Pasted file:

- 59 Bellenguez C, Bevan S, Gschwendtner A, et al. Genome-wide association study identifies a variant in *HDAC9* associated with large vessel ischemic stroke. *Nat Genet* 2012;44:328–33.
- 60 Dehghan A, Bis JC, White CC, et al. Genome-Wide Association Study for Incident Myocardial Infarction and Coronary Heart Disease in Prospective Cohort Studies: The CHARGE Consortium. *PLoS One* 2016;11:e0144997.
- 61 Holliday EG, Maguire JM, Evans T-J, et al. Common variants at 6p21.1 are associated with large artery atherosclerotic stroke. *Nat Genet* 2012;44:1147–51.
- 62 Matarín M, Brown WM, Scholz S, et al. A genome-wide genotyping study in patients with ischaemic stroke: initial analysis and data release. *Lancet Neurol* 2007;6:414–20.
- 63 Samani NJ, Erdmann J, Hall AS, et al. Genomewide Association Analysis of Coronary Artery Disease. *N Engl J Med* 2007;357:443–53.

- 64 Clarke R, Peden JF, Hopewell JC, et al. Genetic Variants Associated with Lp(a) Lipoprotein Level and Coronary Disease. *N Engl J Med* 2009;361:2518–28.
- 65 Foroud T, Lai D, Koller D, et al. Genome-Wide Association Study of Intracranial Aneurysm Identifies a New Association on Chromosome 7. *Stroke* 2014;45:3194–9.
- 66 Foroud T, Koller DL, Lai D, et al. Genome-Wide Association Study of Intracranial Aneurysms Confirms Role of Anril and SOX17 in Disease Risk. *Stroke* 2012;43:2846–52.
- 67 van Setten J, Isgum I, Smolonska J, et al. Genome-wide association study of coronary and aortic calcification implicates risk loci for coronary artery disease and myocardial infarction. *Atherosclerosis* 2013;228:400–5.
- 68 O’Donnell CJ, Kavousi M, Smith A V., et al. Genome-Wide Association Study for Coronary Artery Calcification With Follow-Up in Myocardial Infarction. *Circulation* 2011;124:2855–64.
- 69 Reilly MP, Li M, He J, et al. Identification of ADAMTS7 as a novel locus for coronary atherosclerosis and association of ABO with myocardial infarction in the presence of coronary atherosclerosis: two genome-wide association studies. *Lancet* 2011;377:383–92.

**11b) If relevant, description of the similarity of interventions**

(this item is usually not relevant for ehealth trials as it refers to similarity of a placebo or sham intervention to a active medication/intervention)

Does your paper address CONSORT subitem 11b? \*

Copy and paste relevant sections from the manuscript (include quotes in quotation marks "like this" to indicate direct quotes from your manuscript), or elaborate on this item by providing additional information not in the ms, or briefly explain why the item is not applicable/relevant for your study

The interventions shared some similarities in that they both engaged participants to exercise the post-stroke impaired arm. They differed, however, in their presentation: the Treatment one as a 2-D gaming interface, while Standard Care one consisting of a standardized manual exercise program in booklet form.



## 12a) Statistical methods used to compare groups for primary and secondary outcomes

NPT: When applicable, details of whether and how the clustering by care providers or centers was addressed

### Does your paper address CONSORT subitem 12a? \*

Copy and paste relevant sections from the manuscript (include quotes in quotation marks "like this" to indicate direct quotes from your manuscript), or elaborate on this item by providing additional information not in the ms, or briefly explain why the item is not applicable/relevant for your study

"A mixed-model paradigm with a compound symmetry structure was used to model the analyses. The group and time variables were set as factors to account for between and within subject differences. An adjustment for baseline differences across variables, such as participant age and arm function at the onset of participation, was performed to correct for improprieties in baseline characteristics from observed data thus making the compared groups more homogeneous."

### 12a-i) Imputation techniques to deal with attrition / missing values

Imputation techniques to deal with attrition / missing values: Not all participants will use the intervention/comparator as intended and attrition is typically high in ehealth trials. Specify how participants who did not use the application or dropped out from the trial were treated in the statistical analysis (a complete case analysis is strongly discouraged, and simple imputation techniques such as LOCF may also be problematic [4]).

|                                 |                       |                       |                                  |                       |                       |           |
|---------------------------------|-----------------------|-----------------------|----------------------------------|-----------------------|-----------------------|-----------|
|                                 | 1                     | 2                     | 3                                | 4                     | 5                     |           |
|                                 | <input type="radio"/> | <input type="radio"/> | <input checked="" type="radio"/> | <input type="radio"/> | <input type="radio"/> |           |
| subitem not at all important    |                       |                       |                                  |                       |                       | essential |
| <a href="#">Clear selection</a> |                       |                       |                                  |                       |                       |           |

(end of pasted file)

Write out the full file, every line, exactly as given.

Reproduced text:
- 59 Bellenguez C, Bevan S, Gschwendtner A, et al. Genome-wide association study identifies a variant in *HDAC9* associated with large vessel ischemic stroke. *Nat Genet* 2012;44:328–33.
- 60 Dehghan A, Bis JC, White CC, et al. Genome-Wide Association Study for Incident Myocardial Infarction and Coronary Heart Disease in Prospective Cohort Studies: The CHARGE Consortium. *PLoS One* 2016;11:e0144997.
- 61 Holliday EG, Maguire JM, Evans T-J, et al. Common variants at 6p21.1 are associated with large artery atherosclerotic stroke. *Nat Genet* 2012;44:1147–51.
- 62 Matarín M, Brown WM, Scholz S, et al. A genome-wide genotyping study in patients with ischaemic stroke: initial analysis and data release. *Lancet Neurol* 2007;6:414–20.
- 63 Samani NJ, Erdmann J, Hall AS, et al. Genomewide Association Analysis of Coronary Artery Disease. *N Engl J Med* 2007;357:443–53.

- 64 Clarke R, Peden JF, Hopewell JC, et al. Genetic Variants Associated with Lp(a) Lipoprotein Level and Coronary Disease. *N Engl J Med* 2009;361:2518–28.
- 65 Foroud T, Lai D, Koller D, et al. Genome-Wide Association Study of Intracranial Aneurysm Identifies a New Association on Chromosome 7. *Stroke* 2014;45:3194–9.
- 66 Foroud T, Koller DL, Lai D, et al. Genome-Wide Association Study of Intracranial Aneurysms Confirms Role of Anril and SOX17 in Disease Risk. *Stroke* 2012;43:2846–52.
- 67 van Setten J, Isgum I, Smolonska J, et al. Genome-wide association study of coronary and aortic calcification implicates risk loci for coronary artery disease and myocardial infarction. *Atherosclerosis* 2013;228:400–5.
- 68 O’Donnell CJ, Kavousi M, Smith A V., et al. Genome-Wide Association Study for Coronary Artery Calcification With Follow-Up in Myocardial Infarction. *Circulation* 2011;124:2855–64.
- 69 Reilly MP, Li M, He J, et al. Identification of ADAMTS7 as a novel locus for coronary atherosclerosis and association of ABO with myocardial infarction in the presence of coronary atherosclerosis: two genome-wide association studies. *Lancet* 2011;377:383–92.

**11b) If relevant, description of the similarity of interventions**

(this item is usually not relevant for ehealth trials as it refers to similarity of a placebo or sham intervention to a active medication/intervention)

Does your paper address CONSORT subitem 11b? \*

Copy and paste relevant sections from the manuscript (include quotes in quotation marks "like this" to indicate direct quotes from your manuscript), or elaborate on this item by providing additional information not in the ms, or briefly explain why the item is not applicable/relevant for your study

The interventions shared some similarities in that they both engaged participants to exercise the post-stroke impaired arm. They differed, however, in their presentation: the Treatment one as a 2-D gaming interface, while Standard Care one consisting of a standardized manual exercise program in booklet form.



## 12a) Statistical methods used to compare groups for primary and secondary outcomes

NPT: When applicable, details of whether and how the clustering by care providers or centers was addressed

### Does your paper address CONSORT subitem 12a? \*

Copy and paste relevant sections from the manuscript (include quotes in quotation marks "like this" to indicate direct quotes from your manuscript), or elaborate on this item by providing additional information not in the ms, or briefly explain why the item is not applicable/relevant for your study

"A mixed-model paradigm with a compound symmetry structure was used to model the analyses. The group and time variables were set as factors to account for between and within subject differences. An adjustment for baseline differences across variables, such as participant age and arm function at the onset of participation, was performed to correct for improprieties in baseline characteristics from observed data thus making the compared groups more homogeneous."

### 12a-i) Imputation techniques to deal with attrition / missing values

Imputation techniques to deal with attrition / missing values: Not all participants will use the intervention/comparator as intended and attrition is typically high in ehealth trials. Specify how participants who did not use the application or dropped out from the trial were treated in the statistical analysis (a complete case analysis is strongly discouraged, and simple imputation techniques such as LOCF may also be problematic [4]).

|                                 |                       |                       |                                  |                       |                       |           |
|---------------------------------|-----------------------|-----------------------|----------------------------------|-----------------------|-----------------------|-----------|
|                                 | 1                     | 2                     | 3                                | 4                     | 5                     |           |
|                                 | <input type="radio"/> | <input type="radio"/> | <input checked="" type="radio"/> | <input type="radio"/> | <input type="radio"/> |           |
| subitem not at all important    |                       |                       |                                  |                       |                       | essential |
| <a href="#">Clear selection</a> |                       |                       |                                  |                       |                       |           |